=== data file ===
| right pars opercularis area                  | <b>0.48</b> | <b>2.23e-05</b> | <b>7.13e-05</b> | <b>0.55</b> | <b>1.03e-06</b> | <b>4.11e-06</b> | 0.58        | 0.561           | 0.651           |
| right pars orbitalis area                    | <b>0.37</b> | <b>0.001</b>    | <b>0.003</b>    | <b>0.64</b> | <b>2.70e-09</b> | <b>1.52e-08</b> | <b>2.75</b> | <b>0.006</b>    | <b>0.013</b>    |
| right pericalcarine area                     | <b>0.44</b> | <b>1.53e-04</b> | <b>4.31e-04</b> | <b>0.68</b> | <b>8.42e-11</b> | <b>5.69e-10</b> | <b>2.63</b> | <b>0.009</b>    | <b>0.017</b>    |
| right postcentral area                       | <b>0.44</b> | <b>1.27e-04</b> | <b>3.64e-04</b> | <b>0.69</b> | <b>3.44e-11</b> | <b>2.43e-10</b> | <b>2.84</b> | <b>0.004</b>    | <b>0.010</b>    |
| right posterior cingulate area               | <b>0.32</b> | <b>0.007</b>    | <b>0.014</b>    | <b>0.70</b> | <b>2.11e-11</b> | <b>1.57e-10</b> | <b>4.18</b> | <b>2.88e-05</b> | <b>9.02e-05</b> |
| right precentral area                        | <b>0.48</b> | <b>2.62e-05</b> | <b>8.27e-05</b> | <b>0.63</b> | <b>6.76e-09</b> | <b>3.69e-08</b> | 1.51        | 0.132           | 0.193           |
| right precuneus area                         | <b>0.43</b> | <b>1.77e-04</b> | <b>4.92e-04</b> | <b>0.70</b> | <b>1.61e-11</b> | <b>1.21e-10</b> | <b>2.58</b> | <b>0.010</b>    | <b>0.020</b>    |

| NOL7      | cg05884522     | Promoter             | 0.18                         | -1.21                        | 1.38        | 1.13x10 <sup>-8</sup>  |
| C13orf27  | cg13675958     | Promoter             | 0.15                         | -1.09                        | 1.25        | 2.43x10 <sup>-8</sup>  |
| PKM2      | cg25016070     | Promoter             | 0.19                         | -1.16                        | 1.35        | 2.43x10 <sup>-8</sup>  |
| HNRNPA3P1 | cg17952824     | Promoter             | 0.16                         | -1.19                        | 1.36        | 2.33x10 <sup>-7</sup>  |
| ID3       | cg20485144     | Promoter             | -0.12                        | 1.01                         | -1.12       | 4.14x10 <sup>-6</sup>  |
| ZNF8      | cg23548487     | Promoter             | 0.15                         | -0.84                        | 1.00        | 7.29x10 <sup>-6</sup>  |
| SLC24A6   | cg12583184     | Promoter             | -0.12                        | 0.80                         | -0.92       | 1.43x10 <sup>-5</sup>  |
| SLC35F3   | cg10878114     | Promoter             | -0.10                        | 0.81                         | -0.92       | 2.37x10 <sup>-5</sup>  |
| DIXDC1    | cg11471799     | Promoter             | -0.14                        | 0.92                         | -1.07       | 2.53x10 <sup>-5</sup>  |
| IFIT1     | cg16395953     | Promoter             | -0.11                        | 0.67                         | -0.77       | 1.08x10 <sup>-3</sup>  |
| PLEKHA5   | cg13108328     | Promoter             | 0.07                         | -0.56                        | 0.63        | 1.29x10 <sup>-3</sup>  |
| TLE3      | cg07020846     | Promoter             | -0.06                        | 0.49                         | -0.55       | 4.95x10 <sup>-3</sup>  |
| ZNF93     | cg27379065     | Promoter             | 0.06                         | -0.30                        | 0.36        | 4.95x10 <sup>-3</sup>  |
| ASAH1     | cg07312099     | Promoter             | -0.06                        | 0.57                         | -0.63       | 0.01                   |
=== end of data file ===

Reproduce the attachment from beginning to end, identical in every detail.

| right pars opercularis area                  | <b>0.48</b> | <b>2.23e-05</b> | <b>7.13e-05</b> | <b>0.55</b> | <b>1.03e-06</b> | <b>4.11e-06</b> | 0.58        | 0.561           | 0.651           |
| right pars orbitalis area                    | <b>0.37</b> | <b>0.001</b>    | <b>0.003</b>    | <b>0.64</b> | <b>2.70e-09</b> | <b>1.52e-08</b> | <b>2.75</b> | <b>0.006</b>    | <b>0.013</b>    |
| right pericalcarine area                     | <b>0.44</b> | <b>1.53e-04</b> | <b>4.31e-04</b> | <b>0.68</b> | <b>8.42e-11</b> | <b>5.69e-10</b> | <b>2.63</b> | <b>0.009</b>    | <b>0.017</b>    |
| right postcentral area                       | <b>0.44</b> | <b>1.27e-04</b> | <b>3.64e-04</b> | <b>0.69</b> | <b>3.44e-11</b> | <b>2.43e-10</b> | <b>2.84</b> | <b>0.004</b>    | <b>0.010</b>    |
| right posterior cingulate area               | <b>0.32</b> | <b>0.007</b>    | <b>0.014</b>    | <b>0.70</b> | <b>2.11e-11</b> | <b>1.57e-10</b> | <b>4.18</b> | <b>2.88e-05</b> | <b>9.02e-05</b> |
| right precentral area                        | <b>0.48</b> | <b>2.62e-05</b> | <b>8.27e-05</b> | <b>0.63</b> | <b>6.76e-09</b> | <b>3.69e-08</b> | 1.51        | 0.132           | 0.193           |
| right precuneus area                         | <b>0.43</b> | <b>1.77e-04</b> | <b>4.92e-04</b> | <b>0.70</b> | <b>1.61e-11</b> | <b>1.21e-10</b> | <b>2.58</b> | <b>0.010</b>    | <b>0.020</b>    |

| NOL7      | cg05884522     | Promoter             | 0.18                         | -1.21                        | 1.38        | 1.13x10 <sup>-8</sup>  |
| C13orf27  | cg13675958     | Promoter             | 0.15                         | -1.09                        | 1.25        | 2.43x10 <sup>-8</sup>  |
| PKM2      | cg25016070     | Promoter             | 0.19                         | -1.16                        | 1.35        | 2.43x10 <sup>-8</sup>  |
| HNRNPA3P1 | cg17952824     | Promoter             | 0.16                         | -1.19                        | 1.36        | 2.33x10 <sup>-7</sup>  |
| ID3       | cg20485144     | Promoter             | -0.12                        | 1.01                         | -1.12       | 4.14x10 <sup>-6</sup>  |
| ZNF8      | cg23548487     | Promoter             | 0.15                         | -0.84                        | 1.00        | 7.29x10 <sup>-6</sup>  |
| SLC24A6   | cg12583184     | Promoter             | -0.12                        | 0.80                         | -0.92       | 1.43x10 <sup>-5</sup>  |
| SLC35F3   | cg10878114     | Promoter             | -0.10                        | 0.81                         | -0.92       | 2.37x10 <sup>-5</sup>  |
| DIXDC1    | cg11471799     | Promoter             | -0.14                        | 0.92                         | -1.07       | 2.53x10 <sup>-5</sup>  |
| IFIT1     | cg16395953     | Promoter             | -0.11                        | 0.67                         | -0.77       | 1.08x10 <sup>-3</sup>  |
| PLEKHA5   | cg13108328     | Promoter             | 0.07                         | -0.56                        | 0.63        | 1.29x10 <sup>-3</sup>  |
| TLE3      | cg07020846     | Promoter             | -0.06                        | 0.49                         | -0.55       | 4.95x10 <sup>-3</sup>  |
| ZNF93     | cg27379065     | Promoter             | 0.06                         | -0.30                        | 0.36        | 4.95x10 <sup>-3</sup>  |
| ASAH1     | cg07312099     | Promoter             | -0.06                        | 0.57                         | -0.63       | 0.01                   |